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Tuesday, June 5, 2012

Michigan Supreme Court Rules on Medical Marijuana

This is a tale of one statute and two defendants.  One defendant will be sporting a conviction for marijuana possession, while the other defendant's charges are now dismissed.

This week, the Michigan Supreme Court decided an important case involving Michigan's Medical Marijuana Act.  The case, People v Kolanek, consolidated the separate convictions of Alexander Kolanek, and Larry King; the former an Oakland County case, the latter from Shiawassee County.

As detailed by this blog over the past three years, the Michigan Medical Marijuana Act has had a brief and tortured existence.  Prosecutors, law enforcement and even judges have taken a restrictive view of the use and immunities provided by the Act.  With much success, until now, they have managed to limit the use, or even the assertion of the affirmative defense set forth in section 8 of the Act.

Not surprisingly, several cases have percolated up through Michigan Court of Appeals.  Two of these cases culminated in the High Court's Kolanek decision.

In the King portion of the decision, Larry King grew six marijuana plants in an enclosed locked dog kennel.  King had a valid medical marijuana registration card.

He moved to dismiss the case against him at both the district and circuit courts; the latter agreed that he was entitled to assert the affirmative defense under the Act and dismissed the case.  The Court of Appeals reversed the dismissal and remanded the matter back to the trial court.

In Kolanek, the defendant was arrested with a half dozen joints on his person.  A week after his arrest, he obtained a statement from his physician that he would receive a palliative benefit from the use of marijuana; Mr. Kolanek apparently suffered from Lyme disease.

Interestingly, the circuit court in this case held that, even though Mr. Kolanek did not obtain his physician's statement until after his arrest, the affirmative defense in the Act was nevertheless still available to him on the basis that he did at least secure a statement from the treating physician.

Kolanek's case also moved through the Court of Appeals, which reversed the circuit court, holding that to avail oneself of the affirmative defense of the MMA, a person must secure a physician's statement prior to one's arrest for marijuana possession.  Makes sense, don't you think...

The High Court reversed the Court of Appeals in King, holding that the MMA sets forth two separate defenses: one is the affirmative defense while the other is a broader immunity to prosecution.  A defendant charged with possession may assert the affirmative defense, even if that defendant has not yet obtained a medical marijuana registration card.  In order to secure a complete immunity from prosecution, however, an accused must have been issued said registration card and otherwise be in compliance with all the requirements of section 4 of the MMA.

The decision is also notable in that it affirmed the intermediate appellate court's decision in Kolanek to the extent that a defendant must have secured a physician's statement prior to asserting the affirmative defense provided for in the MMA.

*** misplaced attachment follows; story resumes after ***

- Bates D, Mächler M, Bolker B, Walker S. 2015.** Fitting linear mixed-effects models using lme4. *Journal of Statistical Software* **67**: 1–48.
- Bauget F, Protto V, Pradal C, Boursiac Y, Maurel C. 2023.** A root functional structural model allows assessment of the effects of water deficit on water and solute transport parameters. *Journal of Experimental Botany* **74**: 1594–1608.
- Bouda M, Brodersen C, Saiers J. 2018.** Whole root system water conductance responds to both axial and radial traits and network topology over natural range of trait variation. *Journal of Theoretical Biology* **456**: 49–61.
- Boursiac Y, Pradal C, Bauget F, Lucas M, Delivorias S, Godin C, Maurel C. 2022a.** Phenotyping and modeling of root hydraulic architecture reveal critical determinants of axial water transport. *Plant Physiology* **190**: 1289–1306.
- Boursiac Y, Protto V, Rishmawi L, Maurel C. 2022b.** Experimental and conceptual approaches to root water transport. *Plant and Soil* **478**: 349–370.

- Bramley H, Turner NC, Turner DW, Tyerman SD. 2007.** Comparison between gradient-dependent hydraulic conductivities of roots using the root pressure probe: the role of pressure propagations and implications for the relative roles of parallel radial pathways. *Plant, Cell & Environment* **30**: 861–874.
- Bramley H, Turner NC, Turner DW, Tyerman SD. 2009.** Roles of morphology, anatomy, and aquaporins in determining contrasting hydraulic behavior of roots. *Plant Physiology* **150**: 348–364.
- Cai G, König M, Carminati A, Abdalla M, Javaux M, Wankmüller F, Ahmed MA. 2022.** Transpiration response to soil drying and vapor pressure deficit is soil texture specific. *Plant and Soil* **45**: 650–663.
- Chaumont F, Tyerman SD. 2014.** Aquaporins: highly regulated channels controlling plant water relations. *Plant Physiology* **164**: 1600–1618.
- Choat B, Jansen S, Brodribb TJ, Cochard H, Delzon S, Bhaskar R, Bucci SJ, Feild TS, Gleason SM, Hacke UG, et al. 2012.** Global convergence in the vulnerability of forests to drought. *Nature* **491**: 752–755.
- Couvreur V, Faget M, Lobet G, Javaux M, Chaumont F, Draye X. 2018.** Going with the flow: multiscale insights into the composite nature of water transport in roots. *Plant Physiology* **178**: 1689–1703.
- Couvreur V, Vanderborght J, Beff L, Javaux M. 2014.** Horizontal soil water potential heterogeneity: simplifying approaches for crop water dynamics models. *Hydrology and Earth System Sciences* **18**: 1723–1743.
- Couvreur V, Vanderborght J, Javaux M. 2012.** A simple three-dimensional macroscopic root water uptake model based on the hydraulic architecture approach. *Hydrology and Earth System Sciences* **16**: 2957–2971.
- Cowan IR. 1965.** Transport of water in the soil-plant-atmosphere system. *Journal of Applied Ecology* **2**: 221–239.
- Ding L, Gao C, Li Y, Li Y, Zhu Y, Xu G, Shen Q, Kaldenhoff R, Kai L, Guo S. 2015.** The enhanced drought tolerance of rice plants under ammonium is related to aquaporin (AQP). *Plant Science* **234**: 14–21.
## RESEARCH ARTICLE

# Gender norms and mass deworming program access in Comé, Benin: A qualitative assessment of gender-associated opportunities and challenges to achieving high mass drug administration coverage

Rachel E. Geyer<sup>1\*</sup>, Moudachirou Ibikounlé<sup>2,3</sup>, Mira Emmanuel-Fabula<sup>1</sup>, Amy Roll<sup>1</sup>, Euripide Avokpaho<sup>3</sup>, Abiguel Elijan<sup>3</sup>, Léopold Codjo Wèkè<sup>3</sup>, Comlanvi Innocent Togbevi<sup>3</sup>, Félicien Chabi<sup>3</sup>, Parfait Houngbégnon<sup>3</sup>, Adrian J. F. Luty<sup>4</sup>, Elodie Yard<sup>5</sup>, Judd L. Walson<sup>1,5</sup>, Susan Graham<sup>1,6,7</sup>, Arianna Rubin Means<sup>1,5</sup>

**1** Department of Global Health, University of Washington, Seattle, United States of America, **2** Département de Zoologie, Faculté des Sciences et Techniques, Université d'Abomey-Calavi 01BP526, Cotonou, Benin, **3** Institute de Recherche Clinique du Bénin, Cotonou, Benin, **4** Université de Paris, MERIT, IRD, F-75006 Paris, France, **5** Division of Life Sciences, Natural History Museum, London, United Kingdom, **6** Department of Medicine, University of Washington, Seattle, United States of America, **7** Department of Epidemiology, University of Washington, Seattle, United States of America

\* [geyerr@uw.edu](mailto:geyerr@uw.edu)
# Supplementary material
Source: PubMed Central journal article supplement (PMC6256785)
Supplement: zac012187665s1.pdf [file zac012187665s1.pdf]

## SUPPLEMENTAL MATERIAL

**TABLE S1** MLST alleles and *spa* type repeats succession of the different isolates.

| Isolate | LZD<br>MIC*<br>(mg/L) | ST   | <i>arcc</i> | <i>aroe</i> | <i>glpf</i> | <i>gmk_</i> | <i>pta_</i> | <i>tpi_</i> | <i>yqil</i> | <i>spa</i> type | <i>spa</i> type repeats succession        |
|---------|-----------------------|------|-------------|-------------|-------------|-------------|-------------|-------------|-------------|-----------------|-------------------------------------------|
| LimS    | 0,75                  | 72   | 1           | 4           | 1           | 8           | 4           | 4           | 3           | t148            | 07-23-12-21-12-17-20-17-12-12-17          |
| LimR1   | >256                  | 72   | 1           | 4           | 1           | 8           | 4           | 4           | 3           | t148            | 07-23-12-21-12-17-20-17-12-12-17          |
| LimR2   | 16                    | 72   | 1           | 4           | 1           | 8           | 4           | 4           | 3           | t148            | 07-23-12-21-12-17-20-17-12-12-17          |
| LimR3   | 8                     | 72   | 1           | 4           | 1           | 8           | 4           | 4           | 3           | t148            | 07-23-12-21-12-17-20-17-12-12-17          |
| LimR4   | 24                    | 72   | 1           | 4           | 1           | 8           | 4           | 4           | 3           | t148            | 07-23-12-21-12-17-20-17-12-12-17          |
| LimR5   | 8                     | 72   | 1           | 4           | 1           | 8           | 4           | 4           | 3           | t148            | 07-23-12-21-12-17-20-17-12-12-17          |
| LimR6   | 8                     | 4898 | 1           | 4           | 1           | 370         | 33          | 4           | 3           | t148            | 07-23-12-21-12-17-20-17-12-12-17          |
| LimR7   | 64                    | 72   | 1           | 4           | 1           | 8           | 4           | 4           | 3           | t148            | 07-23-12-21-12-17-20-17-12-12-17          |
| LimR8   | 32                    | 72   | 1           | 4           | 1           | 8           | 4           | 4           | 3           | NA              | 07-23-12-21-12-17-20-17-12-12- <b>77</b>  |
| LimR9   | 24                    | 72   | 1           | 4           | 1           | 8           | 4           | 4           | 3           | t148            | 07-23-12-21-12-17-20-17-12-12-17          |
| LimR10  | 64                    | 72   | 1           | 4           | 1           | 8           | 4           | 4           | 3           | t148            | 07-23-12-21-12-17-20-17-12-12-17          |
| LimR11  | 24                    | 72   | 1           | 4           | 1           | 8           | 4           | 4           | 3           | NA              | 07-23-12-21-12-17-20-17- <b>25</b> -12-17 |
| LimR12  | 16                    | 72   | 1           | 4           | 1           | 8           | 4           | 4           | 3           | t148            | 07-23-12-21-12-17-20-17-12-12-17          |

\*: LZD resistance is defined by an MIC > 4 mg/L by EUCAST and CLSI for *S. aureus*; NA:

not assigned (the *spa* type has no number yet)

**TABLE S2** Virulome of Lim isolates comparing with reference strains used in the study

The local blogosphere has hailed the Kolanek Court as a victory for medical marijuana users.  The decision will be cited in support of the following tenets within the medical marijuana jurisprudence:
  • The MMA provides for two separate and distinct protections from marijuana prosecution: an affirmative defense available to assert to a jury for accused persons that have received a physician's statement that marijuana is therapeutic treatment of a chronic condition and a broader immunity from prosecution for those issued a registration card; 
  • The decision affirms the MMA's definition of the legal, albeit limited use of marijuana; 
  • The immunity set forth in section 4 of the MMA is broadly construed; 
  • Interpretations of the MMA must give effect to the intent of the electorate through the passage of the medical marijuana initiative.
This may not be the end of the medical marijuana cases.  The issues of cash pot transactions and inter-patient transfers are winding through the court system.

For now, however, at least defense attorneys can get down to the business of asserting the affirmative defense on behalf of their clients, as provided by the express language of the MMA, and not have this tool removed from the shed by over-zealous prosecutors and wrong-headed jurists.

Folks, as always, the best way to get a marijuana possession charge dismissed is to carefully comply with the requirements of the MMA, and obtain your registration card before you purchase, grow, or possess marijuana.  After your registration card has been issued by the State of Michigan, be sure to stay within the strict limits of the Act.

Good luck out there.

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Anonymous battery charge in Florida said...

In Florida, possession of less than 20 grams of marijuana, which is slightly more than one ounce, is considered a first degree misdemeanor carrying a maximum jail sentence of 1 year, 1 years’ probation and a $1,000 fine.

June 15, 2012 at 10:19 PM 
Anonymous Medical marijuana act text said...

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June 21, 2012 at 3:14 AM 
Anonymous houston personal injury lawyer said...

Informative article. In my opinion, since marijuana can be abused, the state may put it's legitimate use legal as long as it is licensed to certain individual who have reasonable reasons to use it.

June 25, 2012 at 1:04 PM 
Blogger Unknown said...

While the Medical marijuana laws are questionable, anyone cannot take the freedom of selling or buying any marijuana products without permissions.

medical marijuana laws

September 7, 2012 at 5:00 AM 

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